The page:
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9 out of 10 BAME micro and small organisations set to close if the crisis continues beyond 3 months following the lockdown

April 30th, 2020

The findings of surveys we conducted suggest that if the crisis continues for up to 3 months, close to 90% of 137 BAME led micro and small organisations who responded to the survey could close permanently within 3 months if the crisis extends into June.

The report, Impact of COVID-19 on BAME community and voluntary organisations, is based on two surveys administered between 19 March and 4 April and received 182 responses, of which 137 were Black, Asian and Minority Ethnic (BAME) led organisations. The surveys predated the revelations captured in the Intensive Care National Audit and Research Centre’s report which has been reported on extensively since it was identified after 4 April. 

According to the Guardian, for example, that report suggests that the early figures on the incidence of Covid-19 showed 35% of almost 2,000 patients in intensive care units were black or from another minority ethnic backgrounds, despite BAME people making up only 14% of the population, according to the last census.

The first wave of survey results predates the announcements, which started to unpeel some of the voices heard across BAME communities from personal stories that were not being reflected in any mainstream media outlets, until the ICNARC report.  The survey report shows that, far from being passive recipients of the virus, BAME communities are fighting shoulder to shoulder with other communities being affected.

Karl Murray, the report author, states: 

“The spread of the virus is such that, more than half of those who responded, knows of a colleague who had been diagnosed and had to self-isolate (i.e. 63% of respondents indicated that they know someone – colleague and/or volunteer – who has been self-isolating due to a diagnosis of having COVID-19).”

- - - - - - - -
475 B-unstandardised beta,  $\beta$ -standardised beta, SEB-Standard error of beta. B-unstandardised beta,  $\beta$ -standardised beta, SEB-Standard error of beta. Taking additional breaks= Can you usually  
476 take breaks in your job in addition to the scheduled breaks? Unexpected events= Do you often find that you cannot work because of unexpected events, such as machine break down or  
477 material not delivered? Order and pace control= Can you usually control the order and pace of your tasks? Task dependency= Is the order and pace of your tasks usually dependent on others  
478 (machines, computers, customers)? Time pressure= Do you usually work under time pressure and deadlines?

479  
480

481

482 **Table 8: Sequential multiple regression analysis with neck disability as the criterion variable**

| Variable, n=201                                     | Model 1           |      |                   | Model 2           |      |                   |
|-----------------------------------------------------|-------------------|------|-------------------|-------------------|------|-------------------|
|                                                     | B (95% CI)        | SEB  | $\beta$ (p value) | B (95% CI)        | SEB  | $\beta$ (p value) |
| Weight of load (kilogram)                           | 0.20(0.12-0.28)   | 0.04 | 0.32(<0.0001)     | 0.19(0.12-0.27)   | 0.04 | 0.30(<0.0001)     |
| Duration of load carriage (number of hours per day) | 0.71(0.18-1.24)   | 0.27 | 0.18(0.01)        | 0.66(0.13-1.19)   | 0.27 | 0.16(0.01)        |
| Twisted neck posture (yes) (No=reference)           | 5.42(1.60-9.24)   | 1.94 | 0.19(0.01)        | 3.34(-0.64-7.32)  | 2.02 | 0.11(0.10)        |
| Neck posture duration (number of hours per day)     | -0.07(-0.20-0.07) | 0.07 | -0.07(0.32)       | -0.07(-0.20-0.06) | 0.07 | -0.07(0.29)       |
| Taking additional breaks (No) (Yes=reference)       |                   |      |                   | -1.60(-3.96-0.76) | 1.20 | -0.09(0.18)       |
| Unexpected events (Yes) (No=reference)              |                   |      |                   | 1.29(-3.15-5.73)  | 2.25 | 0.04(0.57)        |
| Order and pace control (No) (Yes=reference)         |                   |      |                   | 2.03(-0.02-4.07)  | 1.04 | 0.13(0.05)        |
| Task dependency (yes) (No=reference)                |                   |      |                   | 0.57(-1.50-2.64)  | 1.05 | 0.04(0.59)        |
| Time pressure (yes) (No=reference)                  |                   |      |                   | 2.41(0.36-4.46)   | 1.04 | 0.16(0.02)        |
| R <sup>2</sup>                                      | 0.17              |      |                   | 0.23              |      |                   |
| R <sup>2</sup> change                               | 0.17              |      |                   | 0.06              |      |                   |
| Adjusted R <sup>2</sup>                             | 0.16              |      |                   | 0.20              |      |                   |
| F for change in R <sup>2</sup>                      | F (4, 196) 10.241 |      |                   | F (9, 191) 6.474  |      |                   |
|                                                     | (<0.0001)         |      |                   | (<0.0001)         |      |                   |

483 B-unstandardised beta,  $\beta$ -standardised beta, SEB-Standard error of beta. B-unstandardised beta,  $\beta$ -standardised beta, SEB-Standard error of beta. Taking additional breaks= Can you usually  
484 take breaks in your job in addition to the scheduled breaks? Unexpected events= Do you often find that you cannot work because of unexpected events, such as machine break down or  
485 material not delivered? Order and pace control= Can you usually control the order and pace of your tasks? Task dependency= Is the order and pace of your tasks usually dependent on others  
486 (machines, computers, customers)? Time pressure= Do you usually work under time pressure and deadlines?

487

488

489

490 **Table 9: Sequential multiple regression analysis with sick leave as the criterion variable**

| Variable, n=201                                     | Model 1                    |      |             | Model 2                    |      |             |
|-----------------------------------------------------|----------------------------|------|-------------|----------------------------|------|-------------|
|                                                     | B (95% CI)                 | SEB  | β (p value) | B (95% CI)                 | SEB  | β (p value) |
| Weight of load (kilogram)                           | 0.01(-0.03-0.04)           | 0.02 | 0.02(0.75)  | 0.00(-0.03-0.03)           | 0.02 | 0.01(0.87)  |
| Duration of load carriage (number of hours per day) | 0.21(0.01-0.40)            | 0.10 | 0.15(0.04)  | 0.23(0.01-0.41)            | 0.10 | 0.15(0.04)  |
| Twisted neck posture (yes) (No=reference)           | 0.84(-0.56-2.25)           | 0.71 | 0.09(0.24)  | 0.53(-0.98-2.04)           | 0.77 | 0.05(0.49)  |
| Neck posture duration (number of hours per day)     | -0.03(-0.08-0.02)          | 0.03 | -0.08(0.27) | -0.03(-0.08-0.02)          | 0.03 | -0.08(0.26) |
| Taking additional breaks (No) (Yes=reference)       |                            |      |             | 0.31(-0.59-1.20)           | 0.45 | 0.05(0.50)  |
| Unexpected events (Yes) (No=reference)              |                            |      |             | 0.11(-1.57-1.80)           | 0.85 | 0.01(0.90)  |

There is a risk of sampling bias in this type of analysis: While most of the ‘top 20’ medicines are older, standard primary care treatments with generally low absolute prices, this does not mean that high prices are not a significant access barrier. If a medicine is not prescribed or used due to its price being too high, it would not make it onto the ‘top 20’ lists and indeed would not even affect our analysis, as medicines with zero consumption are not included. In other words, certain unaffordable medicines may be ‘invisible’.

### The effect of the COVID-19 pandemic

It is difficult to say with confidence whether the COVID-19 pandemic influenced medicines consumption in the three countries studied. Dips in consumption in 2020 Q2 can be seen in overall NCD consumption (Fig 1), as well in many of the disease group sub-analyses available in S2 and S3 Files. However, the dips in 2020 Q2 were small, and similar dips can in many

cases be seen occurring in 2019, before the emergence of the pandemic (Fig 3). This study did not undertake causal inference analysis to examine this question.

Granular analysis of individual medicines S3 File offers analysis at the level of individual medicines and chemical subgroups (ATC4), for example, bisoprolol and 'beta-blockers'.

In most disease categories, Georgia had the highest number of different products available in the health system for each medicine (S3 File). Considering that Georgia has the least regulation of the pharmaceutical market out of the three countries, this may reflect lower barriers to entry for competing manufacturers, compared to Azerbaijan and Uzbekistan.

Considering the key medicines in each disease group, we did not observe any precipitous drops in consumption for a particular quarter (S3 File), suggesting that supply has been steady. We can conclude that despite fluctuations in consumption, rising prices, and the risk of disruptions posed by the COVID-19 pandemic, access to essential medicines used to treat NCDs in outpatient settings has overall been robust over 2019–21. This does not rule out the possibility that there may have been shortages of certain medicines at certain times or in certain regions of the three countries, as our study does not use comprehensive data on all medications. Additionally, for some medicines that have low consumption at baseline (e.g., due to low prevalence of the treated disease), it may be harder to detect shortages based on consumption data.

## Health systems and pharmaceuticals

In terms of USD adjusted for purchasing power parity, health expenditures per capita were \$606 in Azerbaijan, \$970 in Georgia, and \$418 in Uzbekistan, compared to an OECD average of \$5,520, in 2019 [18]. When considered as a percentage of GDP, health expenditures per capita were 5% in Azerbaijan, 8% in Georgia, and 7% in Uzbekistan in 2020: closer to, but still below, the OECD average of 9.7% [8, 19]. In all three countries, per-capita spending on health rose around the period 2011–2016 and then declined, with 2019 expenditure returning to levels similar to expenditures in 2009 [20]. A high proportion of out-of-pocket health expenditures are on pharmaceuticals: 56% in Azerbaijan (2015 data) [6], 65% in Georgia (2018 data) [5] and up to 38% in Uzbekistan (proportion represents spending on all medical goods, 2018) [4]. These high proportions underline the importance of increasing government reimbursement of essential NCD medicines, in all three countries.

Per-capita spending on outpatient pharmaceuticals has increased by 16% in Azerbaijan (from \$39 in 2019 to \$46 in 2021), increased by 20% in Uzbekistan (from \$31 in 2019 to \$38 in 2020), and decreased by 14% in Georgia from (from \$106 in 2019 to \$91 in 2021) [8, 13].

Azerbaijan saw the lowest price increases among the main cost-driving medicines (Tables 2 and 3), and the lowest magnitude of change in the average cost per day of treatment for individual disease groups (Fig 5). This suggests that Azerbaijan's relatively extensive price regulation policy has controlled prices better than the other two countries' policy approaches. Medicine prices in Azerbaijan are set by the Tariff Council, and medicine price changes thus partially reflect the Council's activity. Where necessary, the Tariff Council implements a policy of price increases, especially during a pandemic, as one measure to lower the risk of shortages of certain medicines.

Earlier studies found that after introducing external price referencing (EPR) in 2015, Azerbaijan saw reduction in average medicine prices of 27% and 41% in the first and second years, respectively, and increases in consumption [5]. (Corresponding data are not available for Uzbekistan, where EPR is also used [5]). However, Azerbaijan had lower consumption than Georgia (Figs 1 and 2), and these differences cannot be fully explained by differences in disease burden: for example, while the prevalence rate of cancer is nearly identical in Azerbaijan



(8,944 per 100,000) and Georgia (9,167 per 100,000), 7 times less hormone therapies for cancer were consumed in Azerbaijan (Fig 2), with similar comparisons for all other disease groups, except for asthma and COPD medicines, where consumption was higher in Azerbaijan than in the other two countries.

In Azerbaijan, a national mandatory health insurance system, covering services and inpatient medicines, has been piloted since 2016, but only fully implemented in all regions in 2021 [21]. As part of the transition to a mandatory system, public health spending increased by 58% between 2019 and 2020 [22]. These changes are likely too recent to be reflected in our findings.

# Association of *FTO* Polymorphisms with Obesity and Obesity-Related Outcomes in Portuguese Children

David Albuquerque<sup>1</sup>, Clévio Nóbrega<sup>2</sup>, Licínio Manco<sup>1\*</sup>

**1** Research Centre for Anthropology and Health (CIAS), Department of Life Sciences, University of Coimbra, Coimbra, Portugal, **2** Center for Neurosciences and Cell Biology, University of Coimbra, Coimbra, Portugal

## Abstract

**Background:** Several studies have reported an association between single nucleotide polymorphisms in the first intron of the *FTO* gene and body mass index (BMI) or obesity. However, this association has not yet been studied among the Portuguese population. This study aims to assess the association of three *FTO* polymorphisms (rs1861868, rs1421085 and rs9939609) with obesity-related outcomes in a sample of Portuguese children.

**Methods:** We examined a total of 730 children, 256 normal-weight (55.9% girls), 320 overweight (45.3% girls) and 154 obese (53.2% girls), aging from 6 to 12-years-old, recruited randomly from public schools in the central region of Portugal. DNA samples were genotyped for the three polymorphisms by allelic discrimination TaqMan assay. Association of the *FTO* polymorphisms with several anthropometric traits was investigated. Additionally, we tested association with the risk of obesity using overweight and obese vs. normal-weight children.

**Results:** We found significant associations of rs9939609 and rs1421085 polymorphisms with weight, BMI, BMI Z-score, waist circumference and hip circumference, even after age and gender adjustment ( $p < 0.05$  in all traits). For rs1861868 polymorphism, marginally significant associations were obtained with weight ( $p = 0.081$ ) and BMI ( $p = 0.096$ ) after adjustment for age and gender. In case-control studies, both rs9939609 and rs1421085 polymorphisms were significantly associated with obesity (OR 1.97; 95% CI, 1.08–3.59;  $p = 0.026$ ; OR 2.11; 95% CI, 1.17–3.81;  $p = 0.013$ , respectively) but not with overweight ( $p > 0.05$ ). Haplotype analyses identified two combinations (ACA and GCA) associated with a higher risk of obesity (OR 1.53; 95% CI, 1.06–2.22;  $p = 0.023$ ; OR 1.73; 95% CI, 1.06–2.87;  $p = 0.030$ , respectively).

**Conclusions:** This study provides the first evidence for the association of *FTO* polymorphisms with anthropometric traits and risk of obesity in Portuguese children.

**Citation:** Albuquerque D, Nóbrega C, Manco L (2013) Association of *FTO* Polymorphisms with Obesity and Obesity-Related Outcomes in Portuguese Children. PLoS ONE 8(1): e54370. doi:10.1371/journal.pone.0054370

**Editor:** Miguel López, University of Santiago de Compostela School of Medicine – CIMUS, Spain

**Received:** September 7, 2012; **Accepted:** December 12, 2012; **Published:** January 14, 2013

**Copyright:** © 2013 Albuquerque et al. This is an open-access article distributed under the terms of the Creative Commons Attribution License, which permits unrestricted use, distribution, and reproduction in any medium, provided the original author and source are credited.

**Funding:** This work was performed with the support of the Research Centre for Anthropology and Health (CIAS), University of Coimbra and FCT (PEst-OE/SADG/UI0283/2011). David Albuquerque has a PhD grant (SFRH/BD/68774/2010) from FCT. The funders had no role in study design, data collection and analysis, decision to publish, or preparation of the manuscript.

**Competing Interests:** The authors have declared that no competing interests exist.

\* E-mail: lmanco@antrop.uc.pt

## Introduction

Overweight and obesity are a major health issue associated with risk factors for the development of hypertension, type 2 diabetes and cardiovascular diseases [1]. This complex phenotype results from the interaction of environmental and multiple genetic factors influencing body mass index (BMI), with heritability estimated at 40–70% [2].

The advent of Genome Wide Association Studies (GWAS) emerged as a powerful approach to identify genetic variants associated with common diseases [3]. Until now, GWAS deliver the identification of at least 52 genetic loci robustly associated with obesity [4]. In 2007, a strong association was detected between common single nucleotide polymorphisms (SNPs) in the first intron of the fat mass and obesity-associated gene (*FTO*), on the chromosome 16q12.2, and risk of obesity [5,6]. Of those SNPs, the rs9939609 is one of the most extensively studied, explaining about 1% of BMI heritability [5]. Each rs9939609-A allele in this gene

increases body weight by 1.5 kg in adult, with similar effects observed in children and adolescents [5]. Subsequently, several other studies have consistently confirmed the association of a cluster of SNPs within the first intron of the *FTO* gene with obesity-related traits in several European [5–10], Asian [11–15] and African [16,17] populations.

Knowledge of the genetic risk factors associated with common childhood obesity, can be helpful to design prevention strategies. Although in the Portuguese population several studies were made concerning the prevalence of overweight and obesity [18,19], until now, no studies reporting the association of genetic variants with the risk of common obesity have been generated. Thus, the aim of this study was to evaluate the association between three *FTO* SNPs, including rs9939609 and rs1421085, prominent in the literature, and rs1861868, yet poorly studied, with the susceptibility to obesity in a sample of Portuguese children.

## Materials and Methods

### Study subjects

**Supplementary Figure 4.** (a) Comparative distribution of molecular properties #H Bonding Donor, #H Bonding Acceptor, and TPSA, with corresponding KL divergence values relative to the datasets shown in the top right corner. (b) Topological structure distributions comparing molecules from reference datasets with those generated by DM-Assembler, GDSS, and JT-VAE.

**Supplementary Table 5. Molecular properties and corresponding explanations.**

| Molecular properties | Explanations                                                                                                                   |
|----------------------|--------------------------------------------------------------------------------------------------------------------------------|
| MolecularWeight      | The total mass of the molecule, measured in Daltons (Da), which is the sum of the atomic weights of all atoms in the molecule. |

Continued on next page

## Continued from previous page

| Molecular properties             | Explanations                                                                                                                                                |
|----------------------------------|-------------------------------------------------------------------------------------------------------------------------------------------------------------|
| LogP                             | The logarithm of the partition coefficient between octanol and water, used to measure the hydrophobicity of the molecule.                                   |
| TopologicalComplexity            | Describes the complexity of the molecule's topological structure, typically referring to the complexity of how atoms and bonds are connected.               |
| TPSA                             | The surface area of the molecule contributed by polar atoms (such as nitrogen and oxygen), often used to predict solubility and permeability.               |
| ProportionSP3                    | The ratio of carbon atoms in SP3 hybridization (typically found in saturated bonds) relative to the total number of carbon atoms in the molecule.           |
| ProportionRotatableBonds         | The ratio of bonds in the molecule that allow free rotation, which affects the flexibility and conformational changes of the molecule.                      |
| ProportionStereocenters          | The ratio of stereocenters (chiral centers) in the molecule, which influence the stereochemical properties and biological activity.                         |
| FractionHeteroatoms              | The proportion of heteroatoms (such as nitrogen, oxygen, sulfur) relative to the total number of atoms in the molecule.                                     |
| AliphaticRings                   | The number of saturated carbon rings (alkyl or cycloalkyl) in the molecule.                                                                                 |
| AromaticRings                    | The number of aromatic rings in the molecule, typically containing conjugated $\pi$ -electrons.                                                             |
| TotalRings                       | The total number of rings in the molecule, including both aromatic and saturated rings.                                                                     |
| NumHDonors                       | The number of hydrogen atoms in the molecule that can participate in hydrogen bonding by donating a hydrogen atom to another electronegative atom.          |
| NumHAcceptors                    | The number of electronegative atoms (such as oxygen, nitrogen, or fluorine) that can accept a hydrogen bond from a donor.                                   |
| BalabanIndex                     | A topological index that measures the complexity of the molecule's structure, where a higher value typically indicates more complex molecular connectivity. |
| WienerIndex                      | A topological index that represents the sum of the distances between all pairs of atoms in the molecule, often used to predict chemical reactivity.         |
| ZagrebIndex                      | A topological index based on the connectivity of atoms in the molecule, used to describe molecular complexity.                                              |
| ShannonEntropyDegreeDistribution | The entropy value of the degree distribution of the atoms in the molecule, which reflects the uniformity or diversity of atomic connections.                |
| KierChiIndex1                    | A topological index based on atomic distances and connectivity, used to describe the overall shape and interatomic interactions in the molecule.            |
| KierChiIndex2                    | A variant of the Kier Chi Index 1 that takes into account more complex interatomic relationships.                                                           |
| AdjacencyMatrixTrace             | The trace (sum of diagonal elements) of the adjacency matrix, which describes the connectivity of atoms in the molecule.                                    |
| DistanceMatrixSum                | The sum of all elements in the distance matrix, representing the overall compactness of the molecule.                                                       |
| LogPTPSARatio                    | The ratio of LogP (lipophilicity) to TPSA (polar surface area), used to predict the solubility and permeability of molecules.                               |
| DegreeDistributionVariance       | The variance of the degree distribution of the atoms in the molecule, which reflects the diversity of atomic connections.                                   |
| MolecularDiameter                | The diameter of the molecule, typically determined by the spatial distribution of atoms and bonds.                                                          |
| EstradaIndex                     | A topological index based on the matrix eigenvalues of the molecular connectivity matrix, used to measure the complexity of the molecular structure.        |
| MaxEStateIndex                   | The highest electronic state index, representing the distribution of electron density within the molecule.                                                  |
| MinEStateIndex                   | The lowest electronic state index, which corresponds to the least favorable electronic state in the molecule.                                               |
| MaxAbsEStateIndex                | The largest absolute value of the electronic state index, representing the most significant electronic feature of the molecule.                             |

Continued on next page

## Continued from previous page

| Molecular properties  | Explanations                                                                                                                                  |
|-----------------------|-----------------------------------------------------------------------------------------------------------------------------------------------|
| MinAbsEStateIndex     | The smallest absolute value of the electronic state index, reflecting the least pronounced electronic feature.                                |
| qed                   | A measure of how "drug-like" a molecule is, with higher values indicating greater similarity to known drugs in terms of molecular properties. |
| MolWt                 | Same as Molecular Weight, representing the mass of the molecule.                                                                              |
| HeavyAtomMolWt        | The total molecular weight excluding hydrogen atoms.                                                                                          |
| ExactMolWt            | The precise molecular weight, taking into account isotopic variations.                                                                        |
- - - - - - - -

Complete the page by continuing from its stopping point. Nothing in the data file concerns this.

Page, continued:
The most shocking conclusion is that, despite the many surveys that were then taking place, none of them sought to identify possible impact on BAME communities or organisations. The majority of BAME led organisations, were micro and small, according to the National Council for Voluntary Organisation’s (NVCO) definition, with 87% reporting that they do not have sufficient reserves to last more than 3 months. The impact would mean no support being provided to close on 20,000 clients each week across seven of the regions who responded.  

Yvonne Field, The Founder and Managing Director of Ubele, said: 

“…there are heartfelt stories of community support, innovative and in some cases transformative thinking, heroism and deep love being shown, which in my opinion is what we need. We need to hear such stories and celebrate as they give us hope about the nature of humanity and a small insight into potential individual and collective futures. However, this piece of work into the impact of Covid-19 on BAME led organisations shows struggling BAME organisations without a lifebuoy to keep them afloat. Those few surviving organisations (many which have been in existence for up to four decades) have ended up rudderless without a clear steer as survival beckons. To rescue the BAME third sector, locally, regionally and nationally, we need more than lifeboats – we need a refit; a strong keel, a new rudder for a new direction, an anchor to ride the current and future storms. This report, against such a backdrop of a world upturned from this pandemic, provides an opportunity to reboot and rethink how we recover.”  

Deputy Mayor for Social Integration, Social Mobility and Community Engagement, Debbie Weekes-Bernard, said: 

“It is increasingly clear from emerging evidence that people from Black, Asian and minority ethnic backgrounds are being disproportionately affected by the outbreak of COVID-19. Existing inequalities have worsened through this crisis and it’s more important than ever that support is given to BAME community-led organisations. We are helping to support these groups through the London Community Response fund, but we need the Government to provide further support and, after a decade of austerity, acknowledge the need to deal with the structural problems in our society which have led to these inequalities.”

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